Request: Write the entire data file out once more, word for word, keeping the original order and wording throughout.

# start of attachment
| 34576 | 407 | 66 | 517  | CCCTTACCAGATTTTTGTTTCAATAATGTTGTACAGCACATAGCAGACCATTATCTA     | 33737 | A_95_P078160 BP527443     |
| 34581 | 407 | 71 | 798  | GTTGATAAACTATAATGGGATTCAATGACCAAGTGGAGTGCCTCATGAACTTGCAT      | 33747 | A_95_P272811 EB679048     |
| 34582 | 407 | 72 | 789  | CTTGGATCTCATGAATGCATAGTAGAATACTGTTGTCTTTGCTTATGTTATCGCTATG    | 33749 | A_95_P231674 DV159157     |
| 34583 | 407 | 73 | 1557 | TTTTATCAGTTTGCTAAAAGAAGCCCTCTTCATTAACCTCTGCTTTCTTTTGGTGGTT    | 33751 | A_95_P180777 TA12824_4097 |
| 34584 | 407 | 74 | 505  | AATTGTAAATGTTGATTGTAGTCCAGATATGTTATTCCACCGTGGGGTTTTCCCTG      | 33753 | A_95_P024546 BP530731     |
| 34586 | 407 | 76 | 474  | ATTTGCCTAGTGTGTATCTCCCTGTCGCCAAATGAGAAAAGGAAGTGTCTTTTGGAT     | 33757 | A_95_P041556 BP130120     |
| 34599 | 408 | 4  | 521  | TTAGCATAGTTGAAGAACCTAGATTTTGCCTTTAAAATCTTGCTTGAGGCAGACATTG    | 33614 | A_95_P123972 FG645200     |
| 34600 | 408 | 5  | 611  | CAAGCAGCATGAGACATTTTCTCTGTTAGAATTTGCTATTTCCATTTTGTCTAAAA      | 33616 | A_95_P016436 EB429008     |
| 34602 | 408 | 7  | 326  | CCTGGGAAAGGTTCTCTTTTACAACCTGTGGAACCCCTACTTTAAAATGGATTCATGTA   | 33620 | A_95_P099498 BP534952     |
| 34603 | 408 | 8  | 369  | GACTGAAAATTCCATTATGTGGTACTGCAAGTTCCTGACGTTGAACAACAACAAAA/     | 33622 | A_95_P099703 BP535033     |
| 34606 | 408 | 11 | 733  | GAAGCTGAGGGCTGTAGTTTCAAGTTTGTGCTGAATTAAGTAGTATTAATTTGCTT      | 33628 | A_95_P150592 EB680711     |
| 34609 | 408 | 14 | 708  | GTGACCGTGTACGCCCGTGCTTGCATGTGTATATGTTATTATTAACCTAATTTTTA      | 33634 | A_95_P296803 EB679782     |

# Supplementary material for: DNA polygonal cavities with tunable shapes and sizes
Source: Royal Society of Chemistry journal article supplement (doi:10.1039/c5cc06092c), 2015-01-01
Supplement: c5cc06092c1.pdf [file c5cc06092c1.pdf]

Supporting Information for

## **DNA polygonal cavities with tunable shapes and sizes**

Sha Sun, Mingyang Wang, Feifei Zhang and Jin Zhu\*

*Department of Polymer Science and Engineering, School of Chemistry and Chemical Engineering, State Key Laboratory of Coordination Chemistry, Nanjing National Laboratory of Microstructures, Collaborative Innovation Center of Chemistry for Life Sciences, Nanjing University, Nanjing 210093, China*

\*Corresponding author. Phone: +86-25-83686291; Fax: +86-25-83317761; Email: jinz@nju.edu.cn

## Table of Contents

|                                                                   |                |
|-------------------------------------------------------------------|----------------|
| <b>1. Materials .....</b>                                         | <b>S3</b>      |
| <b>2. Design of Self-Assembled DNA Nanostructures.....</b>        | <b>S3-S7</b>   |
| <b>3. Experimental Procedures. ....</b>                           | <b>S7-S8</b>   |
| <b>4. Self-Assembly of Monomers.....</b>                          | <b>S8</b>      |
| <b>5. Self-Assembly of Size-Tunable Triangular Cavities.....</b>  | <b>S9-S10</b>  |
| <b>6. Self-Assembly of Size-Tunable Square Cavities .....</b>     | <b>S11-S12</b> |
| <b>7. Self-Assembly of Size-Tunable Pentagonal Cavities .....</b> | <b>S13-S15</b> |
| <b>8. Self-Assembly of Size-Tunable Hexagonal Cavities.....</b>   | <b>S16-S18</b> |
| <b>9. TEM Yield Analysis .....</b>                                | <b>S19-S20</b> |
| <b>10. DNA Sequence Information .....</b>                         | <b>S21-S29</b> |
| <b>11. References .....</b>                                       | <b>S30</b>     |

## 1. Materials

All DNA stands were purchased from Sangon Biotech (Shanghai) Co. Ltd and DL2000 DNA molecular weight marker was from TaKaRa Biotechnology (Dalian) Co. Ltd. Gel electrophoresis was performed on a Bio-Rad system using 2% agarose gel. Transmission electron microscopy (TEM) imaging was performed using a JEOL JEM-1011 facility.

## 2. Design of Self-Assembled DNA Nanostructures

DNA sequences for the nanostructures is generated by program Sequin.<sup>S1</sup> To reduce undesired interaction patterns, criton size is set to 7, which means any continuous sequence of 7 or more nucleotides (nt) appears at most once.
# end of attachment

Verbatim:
| 34576 | 407 | 66 | 517  | CCCTTACCAGATTTTTGTTTCAATAATGTTGTACAGCACATAGCAGACCATTATCTA     | 33737 | A_95_P078160 BP527443     |
| 34581 | 407 | 71 | 798  | GTTGATAAACTATAATGGGATTCAATGACCAAGTGGAGTGCCTCATGAACTTGCAT      | 33747 | A_95_P272811 EB679048     |
| 34582 | 407 | 72 | 789  | CTTGGATCTCATGAATGCATAGTAGAATACTGTTGTCTTTGCTTATGTTATCGCTATG    | 33749 | A_95_P231674 DV159157     |
| 34583 | 407 | 73 | 1557 | TTTTATCAGTTTGCTAAAAGAAGCCCTCTTCATTAACCTCTGCTTTCTTTTGGTGGTT    | 33751 | A_95_P180777 TA12824_4097 |
| 34584 | 407 | 74 | 505  | AATTGTAAATGTTGATTGTAGTCCAGATATGTTATTCCACCGTGGGGTTTTCCCTG      | 33753 | A_95_P024546 BP530731     |
| 34586 | 407 | 76 | 474  | ATTTGCCTAGTGTGTATCTCCCTGTCGCCAAATGAGAAAAGGAAGTGTCTTTTGGAT     | 33757 | A_95_P041556 BP130120     |
| 34599 | 408 | 4  | 521  | TTAGCATAGTTGAAGAACCTAGATTTTGCCTTTAAAATCTTGCTTGAGGCAGACATTG    | 33614 | A_95_P123972 FG645200     |
| 34600 | 408 | 5  | 611  | CAAGCAGCATGAGACATTTTCTCTGTTAGAATTTGCTATTTCCATTTTGTCTAAAA      | 33616 | A_95_P016436 EB429008     |
| 34602 | 408 | 7  | 326  | CCTGGGAAAGGTTCTCTTTTACAACCTGTGGAACCCCTACTTTAAAATGGATTCATGTA   | 33620 | A_95_P099498 BP534952     |
| 34603 | 408 | 8  | 369  | GACTGAAAATTCCATTATGTGGTACTGCAAGTTCCTGACGTTGAACAACAACAAAA/     | 33622 | A_95_P099703 BP535033     |
| 34606 | 408 | 11 | 733  | GAAGCTGAGGGCTGTAGTTTCAAGTTTGTGCTGAATTAAGTAGTATTAATTTGCTT      | 33628 | A_95_P150592 EB680711     |
| 34609 | 408 | 14 | 708  | GTGACCGTGTACGCCCGTGCTTGCATGTGTATATGTTATTATTAACCTAATTTTTA      | 33634 | A_95_P296803 EB679782     |

# Supplementary material for: DNA polygonal cavities with tunable shapes and sizes
Source: Royal Society of Chemistry journal article supplement (doi:10.1039/c5cc06092c), 2015-01-01
Supplement: c5cc06092c1.pdf [file c5cc06092c1.pdf]

Supporting Information for

## **DNA polygonal cavities with tunable shapes and sizes**

Sha Sun, Mingyang Wang, Feifei Zhang and Jin Zhu\*

*Department of Polymer Science and Engineering, School of Chemistry and Chemical Engineering, State Key Laboratory of Coordination Chemistry, Nanjing National Laboratory of Microstructures, Collaborative Innovation Center of Chemistry for Life Sciences, Nanjing University, Nanjing 210093, China*

\*Corresponding author. Phone: +86-25-83686291; Fax: +86-25-83317761; Email: jinz@nju.edu.cn

## Table of Contents

|                                                                   |                |
|-------------------------------------------------------------------|----------------|
| <b>1. Materials .....</b>                                         | <b>S3</b>      |
| <b>2. Design of Self-Assembled DNA Nanostructures.....</b>        | <b>S3-S7</b>   |
| <b>3. Experimental Procedures. ....</b>                           | <b>S7-S8</b>   |
| <b>4. Self-Assembly of Monomers.....</b>                          | <b>S8</b>      |
| <b>5. Self-Assembly of Size-Tunable Triangular Cavities.....</b>  | <b>S9-S10</b>  |
| <b>6. Self-Assembly of Size-Tunable Square Cavities .....</b>     | <b>S11-S12</b> |
| <b>7. Self-Assembly of Size-Tunable Pentagonal Cavities .....</b> | <b>S13-S15</b> |
| <b>8. Self-Assembly of Size-Tunable Hexagonal Cavities.....</b>   | <b>S16-S18</b> |
| <b>9. TEM Yield Analysis .....</b>                                | <b>S19-S20</b> |
| <b>10. DNA Sequence Information .....</b>                         | <b>S21-S29</b> |
| <b>11. References .....</b>                                       | <b>S30</b>     |

## 1. Materials

All DNA stands were purchased from Sangon Biotech (Shanghai) Co. Ltd and DL2000 DNA molecular weight marker was from TaKaRa Biotechnology (Dalian) Co. Ltd. Gel electrophoresis was performed on a Bio-Rad system using 2% agarose gel. Transmission electron microscopy (TEM) imaging was performed using a JEOL JEM-1011 facility.

## 2. Design of Self-Assembled DNA Nanostructures

DNA sequences for the nanostructures is generated by program Sequin.<sup>S1</sup> To reduce undesired interaction patterns, criton size is set to 7, which means any continuous sequence of 7 or more nucleotides (nt) appears at most once.